Demystifying IAAF invitations

Breaking down what it means to get an invitation from the IAAF to compete at the World Championships

September 20th, 2019 by | Posted in The Scene | Tags: , , , , ,

Athletes are only one week away from the first day of the Doha World Championships and Team Canada is sending an extremely strong squad. The team is primarily made up of runners with previous World Championship experience, but there are a few rookies to watch for at the championship.

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Athletics Canada named their 2019 World Championship team on August 30 and followed the criteria that they’d published very closely. Previous criteria stated that Athletics Canada would consider IAAF invitations, but the 2019 criteria said that no athlete would be taken on an invitation to worlds. While AC was very clear on their stance towards invitations, other federations were not, which left athletes wondering if they’d be given the opportunity to compete.

What is an IAAF invitation?

Iñaki Gomez is a former Athlete Representative with Athletics Canada and is now the chair of the IAAF Athletes’ Commission. Gomez says that he remembers 2015 as the first year when IAAF invitations were handed out to runners. “An IAAF invitation is given to a runner when the IAAF hasn’t filled their quota for a certain event. So if they’ve allotted 45 spots in an event, and the projected quota isn’t filled, they’ll work their way down the list (world rankings) inviting people.”

RELATED: Rookies and vets of the Canadian worlds team

However, according to the IAAF, it’s up to the National Sporting Organization (NSO) to decide whether they would like to accept the invitation on behalf of the athlete. Gomez believes that the invitations should be given to athletes, but sometimes NSOs decide to forgo the invitation. Gomez says this is typically because invitations come late and flight tickets and logistical arrangements become expensive and difficult. For example, the 2019 invitations went out on September 6 for a championship that starts only 21 days later. Ultimately, Gomez believes that every athlete should be given the opportunity to compete should they get an invitation. “If they’re invited, just send the athlete. You never know whether that experience will be valuable down the road. More often than not, they go and it’s experience. An athlete learns and comes back better the next time.”

What an invitation did for Canadian Lindsey Butterworth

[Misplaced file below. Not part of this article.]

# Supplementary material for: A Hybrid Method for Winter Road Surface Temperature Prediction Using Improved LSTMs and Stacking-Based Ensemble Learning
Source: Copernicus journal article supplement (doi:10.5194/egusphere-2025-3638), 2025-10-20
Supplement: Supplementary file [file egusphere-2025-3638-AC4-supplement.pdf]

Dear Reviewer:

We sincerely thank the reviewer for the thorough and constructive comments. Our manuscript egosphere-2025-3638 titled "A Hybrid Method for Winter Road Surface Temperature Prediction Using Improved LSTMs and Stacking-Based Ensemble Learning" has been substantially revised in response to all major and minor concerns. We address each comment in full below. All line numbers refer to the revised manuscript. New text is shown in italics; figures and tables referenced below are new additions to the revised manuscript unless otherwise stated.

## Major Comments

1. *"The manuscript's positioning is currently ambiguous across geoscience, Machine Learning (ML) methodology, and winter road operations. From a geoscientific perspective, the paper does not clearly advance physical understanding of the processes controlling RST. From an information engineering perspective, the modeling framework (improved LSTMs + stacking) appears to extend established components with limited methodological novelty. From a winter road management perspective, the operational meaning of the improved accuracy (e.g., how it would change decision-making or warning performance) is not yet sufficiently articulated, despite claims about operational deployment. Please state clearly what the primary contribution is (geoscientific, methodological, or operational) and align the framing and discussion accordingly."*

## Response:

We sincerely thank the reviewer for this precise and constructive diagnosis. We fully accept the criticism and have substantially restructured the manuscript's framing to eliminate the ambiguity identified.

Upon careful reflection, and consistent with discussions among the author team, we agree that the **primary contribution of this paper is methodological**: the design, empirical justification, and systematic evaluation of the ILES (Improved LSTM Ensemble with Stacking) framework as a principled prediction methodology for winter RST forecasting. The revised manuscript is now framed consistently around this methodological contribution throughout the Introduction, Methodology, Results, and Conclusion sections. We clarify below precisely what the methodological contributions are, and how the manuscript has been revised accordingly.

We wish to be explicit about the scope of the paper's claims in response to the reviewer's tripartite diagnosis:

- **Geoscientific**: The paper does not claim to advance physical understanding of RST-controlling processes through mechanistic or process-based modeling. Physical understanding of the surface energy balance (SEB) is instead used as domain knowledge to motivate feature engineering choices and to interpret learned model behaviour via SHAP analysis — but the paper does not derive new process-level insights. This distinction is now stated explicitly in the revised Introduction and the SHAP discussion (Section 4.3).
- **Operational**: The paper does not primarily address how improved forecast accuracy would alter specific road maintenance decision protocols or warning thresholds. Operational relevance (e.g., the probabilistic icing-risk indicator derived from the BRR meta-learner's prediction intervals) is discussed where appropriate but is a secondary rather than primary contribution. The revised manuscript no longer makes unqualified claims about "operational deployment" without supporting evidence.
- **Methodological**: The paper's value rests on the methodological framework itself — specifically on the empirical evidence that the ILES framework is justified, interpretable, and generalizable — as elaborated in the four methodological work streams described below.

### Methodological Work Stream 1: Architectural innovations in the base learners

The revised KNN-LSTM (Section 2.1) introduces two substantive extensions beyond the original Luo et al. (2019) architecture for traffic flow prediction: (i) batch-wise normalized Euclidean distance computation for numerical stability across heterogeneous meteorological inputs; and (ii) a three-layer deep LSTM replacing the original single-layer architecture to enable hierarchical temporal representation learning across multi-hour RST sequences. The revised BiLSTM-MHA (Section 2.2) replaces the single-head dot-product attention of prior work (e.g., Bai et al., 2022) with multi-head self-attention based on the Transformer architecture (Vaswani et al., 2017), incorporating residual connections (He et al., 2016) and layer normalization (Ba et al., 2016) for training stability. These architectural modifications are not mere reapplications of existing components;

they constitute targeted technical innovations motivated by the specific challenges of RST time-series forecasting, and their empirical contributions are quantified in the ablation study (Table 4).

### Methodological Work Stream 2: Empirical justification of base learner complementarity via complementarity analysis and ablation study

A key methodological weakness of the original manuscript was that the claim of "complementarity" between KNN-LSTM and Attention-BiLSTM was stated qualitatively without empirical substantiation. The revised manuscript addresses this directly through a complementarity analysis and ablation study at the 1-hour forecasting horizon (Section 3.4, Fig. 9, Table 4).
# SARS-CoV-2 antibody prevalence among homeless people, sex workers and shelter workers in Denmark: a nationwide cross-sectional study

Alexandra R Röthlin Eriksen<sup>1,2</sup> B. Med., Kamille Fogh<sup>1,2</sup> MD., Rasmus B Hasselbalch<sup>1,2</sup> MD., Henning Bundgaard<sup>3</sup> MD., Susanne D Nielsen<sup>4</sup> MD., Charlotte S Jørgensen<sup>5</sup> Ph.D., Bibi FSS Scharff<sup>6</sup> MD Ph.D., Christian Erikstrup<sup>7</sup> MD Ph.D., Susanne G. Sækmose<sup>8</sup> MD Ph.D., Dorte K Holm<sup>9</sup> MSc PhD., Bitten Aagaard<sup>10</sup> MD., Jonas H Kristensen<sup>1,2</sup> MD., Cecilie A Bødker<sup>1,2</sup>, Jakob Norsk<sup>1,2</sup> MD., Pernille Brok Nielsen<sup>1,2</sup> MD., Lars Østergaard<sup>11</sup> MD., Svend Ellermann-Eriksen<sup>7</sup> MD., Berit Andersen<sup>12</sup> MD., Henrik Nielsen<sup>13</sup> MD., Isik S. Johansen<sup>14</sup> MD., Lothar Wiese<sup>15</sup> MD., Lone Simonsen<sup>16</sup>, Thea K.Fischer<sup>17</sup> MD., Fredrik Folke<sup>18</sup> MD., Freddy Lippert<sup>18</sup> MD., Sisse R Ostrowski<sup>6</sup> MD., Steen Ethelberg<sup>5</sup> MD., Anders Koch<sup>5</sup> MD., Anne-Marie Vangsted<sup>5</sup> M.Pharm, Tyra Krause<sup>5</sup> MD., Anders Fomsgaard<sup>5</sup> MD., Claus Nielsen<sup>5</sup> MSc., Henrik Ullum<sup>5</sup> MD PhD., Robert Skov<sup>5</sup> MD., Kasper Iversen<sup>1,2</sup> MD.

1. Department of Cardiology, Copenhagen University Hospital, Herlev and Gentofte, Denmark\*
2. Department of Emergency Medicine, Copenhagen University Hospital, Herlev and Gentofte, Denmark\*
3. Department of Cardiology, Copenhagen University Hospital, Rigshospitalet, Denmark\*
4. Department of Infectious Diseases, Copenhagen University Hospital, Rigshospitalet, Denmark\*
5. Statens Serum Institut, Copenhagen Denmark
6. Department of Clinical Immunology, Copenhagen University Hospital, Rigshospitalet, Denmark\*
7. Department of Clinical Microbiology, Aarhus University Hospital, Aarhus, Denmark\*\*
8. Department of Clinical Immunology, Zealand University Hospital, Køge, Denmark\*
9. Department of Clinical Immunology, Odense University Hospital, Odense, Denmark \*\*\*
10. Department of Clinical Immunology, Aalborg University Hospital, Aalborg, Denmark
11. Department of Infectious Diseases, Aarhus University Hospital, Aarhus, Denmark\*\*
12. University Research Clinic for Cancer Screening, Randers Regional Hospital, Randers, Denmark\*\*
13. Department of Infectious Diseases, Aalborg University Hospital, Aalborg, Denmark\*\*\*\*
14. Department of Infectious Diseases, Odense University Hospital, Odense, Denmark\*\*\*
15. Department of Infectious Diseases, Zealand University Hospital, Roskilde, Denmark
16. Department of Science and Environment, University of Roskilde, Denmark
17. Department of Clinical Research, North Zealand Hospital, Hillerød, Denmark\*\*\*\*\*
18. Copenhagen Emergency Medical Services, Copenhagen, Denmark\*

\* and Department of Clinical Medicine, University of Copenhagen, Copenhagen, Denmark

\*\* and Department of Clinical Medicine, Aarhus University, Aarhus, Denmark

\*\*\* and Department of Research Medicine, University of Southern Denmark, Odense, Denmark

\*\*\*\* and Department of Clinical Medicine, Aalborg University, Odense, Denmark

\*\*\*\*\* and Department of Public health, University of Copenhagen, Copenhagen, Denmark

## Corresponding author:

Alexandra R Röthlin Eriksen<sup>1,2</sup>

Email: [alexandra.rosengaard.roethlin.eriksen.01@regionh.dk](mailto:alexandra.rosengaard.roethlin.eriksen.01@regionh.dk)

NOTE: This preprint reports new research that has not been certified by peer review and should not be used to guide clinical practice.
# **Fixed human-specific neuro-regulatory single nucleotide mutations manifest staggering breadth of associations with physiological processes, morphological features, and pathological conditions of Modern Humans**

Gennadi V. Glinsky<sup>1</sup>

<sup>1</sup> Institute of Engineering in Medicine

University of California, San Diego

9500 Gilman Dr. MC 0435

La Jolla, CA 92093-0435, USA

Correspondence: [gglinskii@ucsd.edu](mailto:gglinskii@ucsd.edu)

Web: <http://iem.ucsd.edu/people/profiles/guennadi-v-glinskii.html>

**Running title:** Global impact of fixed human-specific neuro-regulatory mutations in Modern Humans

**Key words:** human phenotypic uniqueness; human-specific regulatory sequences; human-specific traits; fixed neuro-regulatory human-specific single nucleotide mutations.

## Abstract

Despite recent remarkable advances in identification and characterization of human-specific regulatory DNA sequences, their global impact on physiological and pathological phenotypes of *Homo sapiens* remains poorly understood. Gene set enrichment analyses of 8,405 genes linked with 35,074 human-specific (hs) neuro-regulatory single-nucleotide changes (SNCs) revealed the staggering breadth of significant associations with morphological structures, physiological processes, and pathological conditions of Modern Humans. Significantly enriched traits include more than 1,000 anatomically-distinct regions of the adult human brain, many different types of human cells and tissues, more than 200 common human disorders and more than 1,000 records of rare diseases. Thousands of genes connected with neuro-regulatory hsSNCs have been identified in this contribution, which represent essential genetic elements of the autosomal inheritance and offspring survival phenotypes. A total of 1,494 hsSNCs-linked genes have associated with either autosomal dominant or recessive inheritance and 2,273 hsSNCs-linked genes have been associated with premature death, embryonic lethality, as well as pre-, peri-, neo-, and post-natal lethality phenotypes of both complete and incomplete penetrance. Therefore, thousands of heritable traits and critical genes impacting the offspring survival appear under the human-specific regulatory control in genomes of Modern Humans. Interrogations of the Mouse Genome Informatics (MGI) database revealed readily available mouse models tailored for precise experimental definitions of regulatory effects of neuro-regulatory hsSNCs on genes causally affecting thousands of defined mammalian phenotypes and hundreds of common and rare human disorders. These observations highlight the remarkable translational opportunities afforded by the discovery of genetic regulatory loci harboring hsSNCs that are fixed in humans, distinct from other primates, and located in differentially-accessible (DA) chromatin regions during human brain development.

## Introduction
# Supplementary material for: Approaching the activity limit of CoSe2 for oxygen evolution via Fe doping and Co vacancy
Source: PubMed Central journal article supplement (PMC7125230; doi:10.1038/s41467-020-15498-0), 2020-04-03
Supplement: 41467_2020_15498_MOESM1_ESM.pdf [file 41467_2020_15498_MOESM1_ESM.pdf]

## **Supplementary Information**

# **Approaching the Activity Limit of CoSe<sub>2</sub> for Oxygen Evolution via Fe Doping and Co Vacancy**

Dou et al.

Butterworth is the 2018 national 800m champion and was named to the Worlds team on an invitation in 2017. “I was competing at the Francophone Games in 2017 when I found out three days before leaving that I had received an invitation from the IAAF and Athletics Canada had accepted it.”

Butterworth admits that her preparations weren’t ideal for the 2017 championship, but she feels that it was an amazing opportunity that will allow her to be more competitive this time around. “I think it’s very important for athletes to be given the opportunity to compete at this level whenever possible, as it definitely helps their development. Leading into the World Championships in Doha, I feel much more prepared. If I was not given the opportunity in 2017, I think I would be feeling overwhelmed.”

Grey areas in criteria

Phil Norman is a British steeplechaser who received an invitation to the 2019 World Championships but his NSO declined his spot. This was entirely within their right to do, but is a tough pill to swallow for the athlete. British Athletics rules state that for an athlete to be accepted on an invitation, they need to be in medal contention.

“Medal contention” is not an obvious category. It’s also hard to explicitly identify a medal contender ahead of the games. There are always hopefuls, but runners can both falter and come up with big performances at championships. It’s grey areas like these that leave the fate of an athlete to the discretion of a NSO. And such a large emphasis on medal contention negates the value of having Worlds experience.

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